Aspects of Occultism by Dion Fortune and Gareth Knight - Read Online
Aspects of Occultism
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When Dion Fortune wrote Aspects of Occultism, "occultism" was an umbrella word used to describe hidden lore, secret traditions, and arcane knowledge. Today, when the word "occult" is often confused for "cult," and all its negative aspects, Fortune's essays would be better referred to as "esoteric studies." In this book she discusses evocative magic, the sites of Druid worship, parallels between Christianity and the Qabalah, the astral plane, auras, spiritual healing, power cycles, and our relationship with the Higher Self.

This revised edition includes a new introduction by Gareth Knight, an index, and an additional essay by Fortune-"The Myth of the Round Table." People familiar with Fortune's work will love this book!

Published: Red Wheel Weiser on
ISBN: 9781609254971
List price: $14.95
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Aspects of Occultism - Dion Fortune

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by Gareth Knight

ASPECTS OF OCCULTISM is a collection of articles culled from Dion Fortune's Inner Light Magazine which published from October 1927 through August 1940, its columns largely filled by Dion Fortune herself. In its columns some of her great works, such as The Mystical Qabalah, first saw the light of day, but it also contained many shorter pieces, written on short notice to meet a deadline, which deserve preservation in volume form because of the information they offer interested students. Hence this collection, and its companion volume, Applied Magic.

Written as they were, usually under pressure, and with little opportunity for revision, they have a particular fascination, for often Dion Fortune would start on some fairly general subject and then, as she warmed to it, she would get somewhat carried away and deal with technicalities and practicalities of magic that, in the climate of her times, she would normally have been reluctant to divulge in public. Such is the case with the first chapter in this volume, God and the Gods. This begins as a kind of general overview of comparative religion as she understood it, as a kind of pre-emptive defence to the charge that she could hardly claim to be Christian if she opened the door of faith to any number of pagan gods.

She starts by trying to define just what worshippers mean when they talk of archangels, angels, and saints on the one hand, and gods and goddesses on the other. From here she passes naturally into the modus operandi of magic. That is to say, as far as she is concerned, all such imagined forms have been fashioned in astral substance by the group mind of the worshippers—and may then be activated or ensouled by cosmic forces. Thus the worshippers are working magic, whether they realise it or not.

The individual worshipper who combines personal belief with prayerful desire may well perceive a sense of power, an awareness of a divine or an inner presence. The mechanism is the same whether it be the weary traveller invoking St. Christopher, or the wing-heeled Mercury. The divine power behind it is one and the same whatever its metaphysical label—God, the Cosmos, the Nous, Ain Soph—although the actual channel in the consciousness through which it flows is what might be technically described as an artificial elemental.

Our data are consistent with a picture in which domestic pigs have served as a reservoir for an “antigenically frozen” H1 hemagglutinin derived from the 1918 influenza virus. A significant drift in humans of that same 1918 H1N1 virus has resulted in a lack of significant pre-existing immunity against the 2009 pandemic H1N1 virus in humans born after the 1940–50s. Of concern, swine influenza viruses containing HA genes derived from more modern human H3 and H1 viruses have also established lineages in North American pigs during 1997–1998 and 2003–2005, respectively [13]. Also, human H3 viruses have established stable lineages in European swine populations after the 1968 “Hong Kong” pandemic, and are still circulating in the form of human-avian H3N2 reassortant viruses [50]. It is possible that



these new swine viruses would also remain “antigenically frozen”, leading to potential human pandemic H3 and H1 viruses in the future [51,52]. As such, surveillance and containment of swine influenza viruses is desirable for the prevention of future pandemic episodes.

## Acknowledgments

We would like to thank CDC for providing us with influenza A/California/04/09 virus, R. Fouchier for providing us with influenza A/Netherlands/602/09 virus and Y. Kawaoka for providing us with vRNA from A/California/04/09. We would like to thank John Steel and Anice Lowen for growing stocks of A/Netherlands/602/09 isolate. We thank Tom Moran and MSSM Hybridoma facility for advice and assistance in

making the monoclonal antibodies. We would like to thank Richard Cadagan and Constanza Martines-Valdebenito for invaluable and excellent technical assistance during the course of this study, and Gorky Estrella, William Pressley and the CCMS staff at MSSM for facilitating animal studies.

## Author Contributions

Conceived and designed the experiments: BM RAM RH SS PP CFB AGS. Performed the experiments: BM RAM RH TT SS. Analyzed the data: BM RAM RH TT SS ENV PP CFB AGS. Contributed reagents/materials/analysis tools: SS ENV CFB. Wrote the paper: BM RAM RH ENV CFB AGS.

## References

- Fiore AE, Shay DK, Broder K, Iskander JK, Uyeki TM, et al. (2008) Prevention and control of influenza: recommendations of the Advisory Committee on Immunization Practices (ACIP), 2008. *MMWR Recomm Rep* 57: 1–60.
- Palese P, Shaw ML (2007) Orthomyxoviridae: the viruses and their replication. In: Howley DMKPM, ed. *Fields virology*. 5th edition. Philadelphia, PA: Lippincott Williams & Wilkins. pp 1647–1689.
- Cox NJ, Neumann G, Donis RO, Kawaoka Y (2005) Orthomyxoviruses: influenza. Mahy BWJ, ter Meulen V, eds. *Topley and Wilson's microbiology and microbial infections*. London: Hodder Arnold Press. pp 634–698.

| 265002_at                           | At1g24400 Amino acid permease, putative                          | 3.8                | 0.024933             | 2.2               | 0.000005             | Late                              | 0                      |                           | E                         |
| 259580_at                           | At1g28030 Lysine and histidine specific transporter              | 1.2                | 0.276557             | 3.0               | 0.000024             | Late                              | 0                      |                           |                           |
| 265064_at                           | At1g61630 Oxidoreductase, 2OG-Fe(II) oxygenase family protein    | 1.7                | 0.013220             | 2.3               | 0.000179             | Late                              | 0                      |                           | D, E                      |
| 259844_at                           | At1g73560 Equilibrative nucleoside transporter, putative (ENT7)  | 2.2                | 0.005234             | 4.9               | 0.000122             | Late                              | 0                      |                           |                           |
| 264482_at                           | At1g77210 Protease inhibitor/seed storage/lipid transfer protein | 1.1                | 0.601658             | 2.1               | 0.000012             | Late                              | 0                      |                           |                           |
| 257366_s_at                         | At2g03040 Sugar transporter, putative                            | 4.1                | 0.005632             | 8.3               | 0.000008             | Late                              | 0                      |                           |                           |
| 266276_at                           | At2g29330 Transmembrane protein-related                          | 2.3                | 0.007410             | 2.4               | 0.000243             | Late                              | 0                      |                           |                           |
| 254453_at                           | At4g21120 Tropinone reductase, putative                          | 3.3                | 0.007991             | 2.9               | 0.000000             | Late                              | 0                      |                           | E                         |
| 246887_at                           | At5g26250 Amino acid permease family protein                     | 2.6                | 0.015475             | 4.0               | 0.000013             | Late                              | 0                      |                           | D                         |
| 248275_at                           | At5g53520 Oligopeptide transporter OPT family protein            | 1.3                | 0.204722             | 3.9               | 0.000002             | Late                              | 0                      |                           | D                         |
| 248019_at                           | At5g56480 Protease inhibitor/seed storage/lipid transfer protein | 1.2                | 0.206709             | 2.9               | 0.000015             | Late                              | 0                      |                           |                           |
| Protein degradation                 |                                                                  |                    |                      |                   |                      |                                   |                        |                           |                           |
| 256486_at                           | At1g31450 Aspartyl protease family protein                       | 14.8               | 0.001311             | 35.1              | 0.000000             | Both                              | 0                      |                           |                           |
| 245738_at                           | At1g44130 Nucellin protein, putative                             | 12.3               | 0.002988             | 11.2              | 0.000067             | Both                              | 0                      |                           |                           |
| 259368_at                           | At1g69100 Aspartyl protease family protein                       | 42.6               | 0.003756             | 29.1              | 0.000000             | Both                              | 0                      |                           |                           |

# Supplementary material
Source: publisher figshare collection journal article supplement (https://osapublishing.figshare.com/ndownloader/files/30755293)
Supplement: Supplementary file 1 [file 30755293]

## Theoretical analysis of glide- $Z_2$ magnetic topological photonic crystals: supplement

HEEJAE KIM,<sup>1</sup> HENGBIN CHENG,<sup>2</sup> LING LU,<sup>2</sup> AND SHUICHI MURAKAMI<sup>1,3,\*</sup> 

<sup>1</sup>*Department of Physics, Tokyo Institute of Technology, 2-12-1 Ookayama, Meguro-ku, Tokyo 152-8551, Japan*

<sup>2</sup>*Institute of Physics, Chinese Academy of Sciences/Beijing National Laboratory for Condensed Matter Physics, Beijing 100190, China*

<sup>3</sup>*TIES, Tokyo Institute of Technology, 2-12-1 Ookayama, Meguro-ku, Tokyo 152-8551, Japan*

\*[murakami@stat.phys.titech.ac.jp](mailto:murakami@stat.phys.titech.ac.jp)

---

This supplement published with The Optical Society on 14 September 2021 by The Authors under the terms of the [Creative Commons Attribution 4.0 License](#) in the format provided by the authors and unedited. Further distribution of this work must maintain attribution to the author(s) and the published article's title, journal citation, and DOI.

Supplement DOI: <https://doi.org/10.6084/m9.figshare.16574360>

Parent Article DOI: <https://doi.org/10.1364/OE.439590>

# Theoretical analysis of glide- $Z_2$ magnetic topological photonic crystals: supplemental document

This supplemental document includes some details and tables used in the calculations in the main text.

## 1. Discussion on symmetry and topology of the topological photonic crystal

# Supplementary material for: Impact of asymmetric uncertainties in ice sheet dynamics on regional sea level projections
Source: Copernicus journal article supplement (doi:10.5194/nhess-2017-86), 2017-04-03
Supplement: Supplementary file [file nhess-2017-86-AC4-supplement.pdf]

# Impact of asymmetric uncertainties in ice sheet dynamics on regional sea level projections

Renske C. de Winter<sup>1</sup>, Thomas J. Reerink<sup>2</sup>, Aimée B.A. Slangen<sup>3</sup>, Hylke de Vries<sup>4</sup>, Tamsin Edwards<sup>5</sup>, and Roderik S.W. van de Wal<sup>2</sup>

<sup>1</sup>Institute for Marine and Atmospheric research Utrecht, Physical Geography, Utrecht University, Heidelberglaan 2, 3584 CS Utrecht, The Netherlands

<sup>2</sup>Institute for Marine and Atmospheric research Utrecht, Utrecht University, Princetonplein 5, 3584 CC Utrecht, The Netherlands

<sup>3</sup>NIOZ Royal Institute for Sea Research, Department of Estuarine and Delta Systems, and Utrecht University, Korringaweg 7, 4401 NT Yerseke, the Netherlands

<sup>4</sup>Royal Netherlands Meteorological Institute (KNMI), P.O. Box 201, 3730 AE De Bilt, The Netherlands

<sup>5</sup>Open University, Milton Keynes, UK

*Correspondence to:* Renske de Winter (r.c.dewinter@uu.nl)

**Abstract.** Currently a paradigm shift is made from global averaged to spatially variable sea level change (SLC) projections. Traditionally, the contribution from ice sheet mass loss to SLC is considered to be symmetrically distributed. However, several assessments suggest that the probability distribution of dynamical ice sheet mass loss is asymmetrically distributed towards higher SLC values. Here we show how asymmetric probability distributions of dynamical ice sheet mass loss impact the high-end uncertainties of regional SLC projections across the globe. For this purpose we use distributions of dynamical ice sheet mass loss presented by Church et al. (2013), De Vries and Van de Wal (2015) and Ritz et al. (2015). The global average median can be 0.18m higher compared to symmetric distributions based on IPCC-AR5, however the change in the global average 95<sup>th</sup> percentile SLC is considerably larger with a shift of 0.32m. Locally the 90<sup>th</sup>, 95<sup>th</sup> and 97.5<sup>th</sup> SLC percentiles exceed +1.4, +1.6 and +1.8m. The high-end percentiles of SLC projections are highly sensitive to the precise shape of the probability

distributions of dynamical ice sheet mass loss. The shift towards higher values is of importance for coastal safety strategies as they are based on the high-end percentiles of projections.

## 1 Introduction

The way the power is contacted and discerned is much the same, she reveals, for worshipper or for ceremonial magician. It all resides in the magic mirror of the imagination, which may not be so subjective and fanciful as is commonly supposed.

It is possible for such forms to take on a certain degree of objective appearance in the presence of an entranced materialising medium, as was once a favoured technique of the spiritualist movement, for example. However, it is arguable if the advantage is a great one, for such substance being malleable to thought, all that is likely to appear is already within the sitters' imagination.

Providing a heavy pall of incense smoke in a confined space is not a technique that is entirely practicable, having a counterproductive effect on the breathing tubes of the celebrants, while the use of noxious substances would, as Dion Fortune delicately says, not lend itself too well to drawing-room performance (see page 6), if that is where one plans to do one's magic. Although a place set apart for dedicated use is an undoubted advantage, the temple of the modern magician is one that is not built with hands. It is constructed within the consecrated imagination, and with a trained and prepared mind, this can be powerful enough an experience.

As Dion Fortune goes on to say, it is one thing to make an invocation, but it is the corresponding force within the magician that needs to be controlled. Her rather throwaway remark that Mars is an easy potency to evoke to visible appearance is open to some misunderstanding. She is not referring to the figure of the armed and bearded Roman deity cavorting around the temple, but to the fact that if the forces are not properly controlled, it is easy to have a stand-up confrontation of the participants following this kind of evocation. When it comes to matters of Venus, the same applies, but in a somewhat more intimate form. In matters of the Moon, we may be in the comparatively easier atmosphere of mutual self-deception.

From this it follows that spiritual intention is all important before aimlessly evoking all that moves upon the inner planes in a spirit of feckless adventure or idle curiosity. Fortunately, in practical terms, most beginners are protected by their own ineptitude. The purpose of ceremonial working that Dion Fortune has in mind is the improvement of character, and in this respect the construction of an appropriate talisman may be a useful adjunct, guided by an astrological chart.